A lottery is a type of gambling in which participants pay a small amount of money for the chance to win a large prize. The prize may be cash or other goods or services. It is also used to raise money for charity or other causes. In the US, state governments often run lotteries to fund government programs. Lottery prizes may also be given away by private corporations, churches or non-profit groups.
The casting of lots for decisions and determinations of fate has a long history in human culture, but the use of lottery-like arrangements to distribute material wealth is more recent. The first recorded public lotteries to offer tickets with prize money were held in the 15th century, in towns such as Ghent, Bruges and Utrecht, for purposes including raising funds for town walls and fortifications, and helping the poor.
Since that time, the lottery has become a major source of income for many state governments. It has garnered wide popular support as a way to increase the quality of public services without the need for disproportionately onerous tax increases or cuts in social safety net programs, particularly during economic stress. Lottery revenues are a significant component of state budgets, and political leaders face considerable pressure to increase their size.
Lottery organizers promote the concept by portraying the games as fun, and the experience of purchasing a ticket is indeed enjoyable. Moreover, the publicity that comes with super-sized jackpots drives sales. These promotions can be misleading, however. They obscure the fact that lotteries are regressive and can have devastating effects on low-income families.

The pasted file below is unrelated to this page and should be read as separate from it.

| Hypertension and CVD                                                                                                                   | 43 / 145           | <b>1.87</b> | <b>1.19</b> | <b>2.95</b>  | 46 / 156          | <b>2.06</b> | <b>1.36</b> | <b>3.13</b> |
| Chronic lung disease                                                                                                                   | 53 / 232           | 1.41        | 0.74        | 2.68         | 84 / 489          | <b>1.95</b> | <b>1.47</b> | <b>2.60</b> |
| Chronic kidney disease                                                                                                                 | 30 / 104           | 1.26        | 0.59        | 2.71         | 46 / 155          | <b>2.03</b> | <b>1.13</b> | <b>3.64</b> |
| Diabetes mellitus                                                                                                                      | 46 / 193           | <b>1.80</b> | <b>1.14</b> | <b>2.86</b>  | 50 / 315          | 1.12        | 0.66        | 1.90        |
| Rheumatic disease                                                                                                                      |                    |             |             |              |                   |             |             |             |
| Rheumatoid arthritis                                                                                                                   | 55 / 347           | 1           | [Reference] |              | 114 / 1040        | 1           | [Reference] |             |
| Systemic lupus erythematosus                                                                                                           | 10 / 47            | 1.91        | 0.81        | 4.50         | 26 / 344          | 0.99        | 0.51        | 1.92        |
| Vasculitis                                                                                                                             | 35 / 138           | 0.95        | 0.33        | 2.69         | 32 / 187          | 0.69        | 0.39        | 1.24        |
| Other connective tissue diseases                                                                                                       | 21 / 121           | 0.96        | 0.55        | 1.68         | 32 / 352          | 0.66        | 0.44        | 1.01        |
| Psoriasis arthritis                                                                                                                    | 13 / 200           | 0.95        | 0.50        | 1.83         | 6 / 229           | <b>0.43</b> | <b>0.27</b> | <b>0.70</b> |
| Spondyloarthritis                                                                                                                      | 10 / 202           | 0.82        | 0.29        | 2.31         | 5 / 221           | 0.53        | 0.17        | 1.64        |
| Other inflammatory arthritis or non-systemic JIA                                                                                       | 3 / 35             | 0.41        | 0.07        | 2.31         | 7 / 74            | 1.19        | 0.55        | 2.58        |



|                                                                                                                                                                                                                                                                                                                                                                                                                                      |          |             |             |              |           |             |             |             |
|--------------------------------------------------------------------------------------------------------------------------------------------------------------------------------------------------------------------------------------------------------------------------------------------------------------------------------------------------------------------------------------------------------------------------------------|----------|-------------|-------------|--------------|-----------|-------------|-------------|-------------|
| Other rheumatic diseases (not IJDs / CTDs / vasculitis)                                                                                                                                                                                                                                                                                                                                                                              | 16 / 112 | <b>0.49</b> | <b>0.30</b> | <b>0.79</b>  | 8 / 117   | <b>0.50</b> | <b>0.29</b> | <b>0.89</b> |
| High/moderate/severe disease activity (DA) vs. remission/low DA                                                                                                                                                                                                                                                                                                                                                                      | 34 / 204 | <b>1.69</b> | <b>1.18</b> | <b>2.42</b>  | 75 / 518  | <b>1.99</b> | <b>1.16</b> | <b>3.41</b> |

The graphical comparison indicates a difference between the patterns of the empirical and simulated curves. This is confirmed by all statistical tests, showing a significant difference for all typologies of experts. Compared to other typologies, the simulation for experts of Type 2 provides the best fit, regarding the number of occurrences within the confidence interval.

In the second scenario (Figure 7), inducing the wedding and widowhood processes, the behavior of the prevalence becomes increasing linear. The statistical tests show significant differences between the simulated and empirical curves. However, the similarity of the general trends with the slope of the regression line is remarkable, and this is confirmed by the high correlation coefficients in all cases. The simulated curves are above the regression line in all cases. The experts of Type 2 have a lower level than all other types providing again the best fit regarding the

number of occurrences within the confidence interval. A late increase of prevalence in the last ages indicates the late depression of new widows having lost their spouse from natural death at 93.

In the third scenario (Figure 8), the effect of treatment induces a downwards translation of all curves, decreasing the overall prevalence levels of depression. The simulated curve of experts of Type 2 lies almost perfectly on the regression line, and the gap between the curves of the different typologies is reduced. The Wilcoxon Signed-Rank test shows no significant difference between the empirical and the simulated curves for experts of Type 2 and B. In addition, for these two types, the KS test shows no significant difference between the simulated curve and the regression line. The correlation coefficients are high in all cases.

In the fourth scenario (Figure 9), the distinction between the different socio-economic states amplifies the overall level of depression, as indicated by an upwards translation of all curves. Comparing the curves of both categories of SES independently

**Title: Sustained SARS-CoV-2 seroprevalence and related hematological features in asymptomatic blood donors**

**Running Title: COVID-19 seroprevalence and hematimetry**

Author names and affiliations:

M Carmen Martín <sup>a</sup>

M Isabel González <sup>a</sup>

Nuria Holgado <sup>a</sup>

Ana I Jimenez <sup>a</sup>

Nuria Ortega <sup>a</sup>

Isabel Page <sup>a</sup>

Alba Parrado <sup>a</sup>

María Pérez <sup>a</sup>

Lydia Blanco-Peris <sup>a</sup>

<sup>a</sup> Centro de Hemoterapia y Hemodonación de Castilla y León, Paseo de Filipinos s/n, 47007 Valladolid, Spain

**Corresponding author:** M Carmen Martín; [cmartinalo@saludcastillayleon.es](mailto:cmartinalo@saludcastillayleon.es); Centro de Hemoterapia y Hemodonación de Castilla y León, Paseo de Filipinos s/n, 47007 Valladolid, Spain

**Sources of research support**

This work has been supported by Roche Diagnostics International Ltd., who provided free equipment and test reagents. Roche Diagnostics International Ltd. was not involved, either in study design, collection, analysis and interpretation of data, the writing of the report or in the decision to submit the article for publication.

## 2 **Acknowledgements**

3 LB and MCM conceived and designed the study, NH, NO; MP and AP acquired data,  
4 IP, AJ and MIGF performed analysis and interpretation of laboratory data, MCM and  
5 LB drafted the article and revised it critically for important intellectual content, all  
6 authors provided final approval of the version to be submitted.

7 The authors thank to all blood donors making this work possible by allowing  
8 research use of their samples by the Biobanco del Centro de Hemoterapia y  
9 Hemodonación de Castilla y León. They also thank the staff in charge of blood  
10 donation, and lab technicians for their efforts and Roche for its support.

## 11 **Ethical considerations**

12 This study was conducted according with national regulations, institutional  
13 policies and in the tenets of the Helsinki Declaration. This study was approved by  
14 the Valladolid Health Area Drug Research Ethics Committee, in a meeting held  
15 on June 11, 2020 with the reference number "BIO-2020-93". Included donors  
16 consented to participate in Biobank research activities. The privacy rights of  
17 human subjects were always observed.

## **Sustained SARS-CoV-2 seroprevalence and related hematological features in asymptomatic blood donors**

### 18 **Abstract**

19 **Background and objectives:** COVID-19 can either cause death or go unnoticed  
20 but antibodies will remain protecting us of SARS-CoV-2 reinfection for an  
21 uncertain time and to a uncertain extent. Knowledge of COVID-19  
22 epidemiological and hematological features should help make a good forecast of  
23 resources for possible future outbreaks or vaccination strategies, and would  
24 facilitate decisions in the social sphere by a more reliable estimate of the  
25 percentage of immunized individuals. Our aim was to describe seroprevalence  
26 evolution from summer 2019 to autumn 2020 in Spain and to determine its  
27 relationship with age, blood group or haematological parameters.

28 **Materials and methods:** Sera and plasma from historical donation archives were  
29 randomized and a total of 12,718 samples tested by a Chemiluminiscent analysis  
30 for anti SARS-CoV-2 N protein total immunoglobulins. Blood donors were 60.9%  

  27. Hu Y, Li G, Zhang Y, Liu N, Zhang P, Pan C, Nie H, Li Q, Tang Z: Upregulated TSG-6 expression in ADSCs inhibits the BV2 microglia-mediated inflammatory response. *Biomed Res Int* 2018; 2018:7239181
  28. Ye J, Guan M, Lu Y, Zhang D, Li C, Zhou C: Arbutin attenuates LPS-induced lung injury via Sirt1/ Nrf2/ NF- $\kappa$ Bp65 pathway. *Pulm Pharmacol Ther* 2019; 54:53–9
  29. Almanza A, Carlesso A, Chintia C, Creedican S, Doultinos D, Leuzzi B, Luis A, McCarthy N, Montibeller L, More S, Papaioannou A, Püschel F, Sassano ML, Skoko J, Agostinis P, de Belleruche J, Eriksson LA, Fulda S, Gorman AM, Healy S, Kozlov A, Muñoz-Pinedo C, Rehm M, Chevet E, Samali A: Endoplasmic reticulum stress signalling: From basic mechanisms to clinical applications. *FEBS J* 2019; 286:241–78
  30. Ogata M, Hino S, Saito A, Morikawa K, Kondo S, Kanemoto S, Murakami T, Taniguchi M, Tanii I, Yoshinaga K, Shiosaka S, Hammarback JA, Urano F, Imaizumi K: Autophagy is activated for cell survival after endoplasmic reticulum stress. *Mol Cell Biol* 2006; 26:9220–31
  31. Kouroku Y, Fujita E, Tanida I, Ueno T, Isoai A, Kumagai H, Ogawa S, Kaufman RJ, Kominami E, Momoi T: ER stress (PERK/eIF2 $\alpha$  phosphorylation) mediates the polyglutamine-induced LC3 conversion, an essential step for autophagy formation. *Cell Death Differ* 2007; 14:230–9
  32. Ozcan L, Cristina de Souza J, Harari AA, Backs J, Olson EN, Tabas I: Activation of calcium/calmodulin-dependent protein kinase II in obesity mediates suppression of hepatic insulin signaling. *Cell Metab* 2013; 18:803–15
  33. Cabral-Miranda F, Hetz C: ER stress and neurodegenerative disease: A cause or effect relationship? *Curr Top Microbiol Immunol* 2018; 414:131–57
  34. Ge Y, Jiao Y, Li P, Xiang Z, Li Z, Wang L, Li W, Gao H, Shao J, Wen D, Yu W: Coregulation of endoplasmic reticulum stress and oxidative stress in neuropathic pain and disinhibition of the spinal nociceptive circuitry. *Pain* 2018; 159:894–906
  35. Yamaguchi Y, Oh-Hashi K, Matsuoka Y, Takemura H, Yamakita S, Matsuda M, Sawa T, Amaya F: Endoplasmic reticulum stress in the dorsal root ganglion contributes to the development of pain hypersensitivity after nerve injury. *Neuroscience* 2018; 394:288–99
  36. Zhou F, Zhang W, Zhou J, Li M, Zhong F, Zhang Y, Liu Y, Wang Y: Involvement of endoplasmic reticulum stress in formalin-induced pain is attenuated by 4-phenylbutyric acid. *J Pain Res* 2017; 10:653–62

It is not uncommon to hear of people who have won the lottery multiple times, but this is no accident. These winners have a strategy that they follow each time. Richard Lustig, the author of How to Win the Lottery – The Smart Way, describes this in detail. He explains that the key is to research for numbers that are statistically likely to repeat in a drawing. This requires patience and persistence. He suggests buying a few cheap lottery tickets to experiment with the number patterns. He says that if you choose numbers that end with the same digit, or that repeat in certain blocks, the odds of winning are much lower.
Another strategy is to select a single-digit number that is unlikely to appear in the same draw as other numbers. This will make your chances of winning the prize much higher. Moreover, you can also buy multiple tickets to maximize your chances of winning. This is especially true when you buy tickets in a lottery that allows you to choose your own numbers. Besides, you can use the lottery website to check the odds of winning. You can even try to find out the expected value of your tickets, which will help you determine how much you can expect to win if you are lucky enough to be the winner. This can help you decide whether or not to play the lottery again in the future.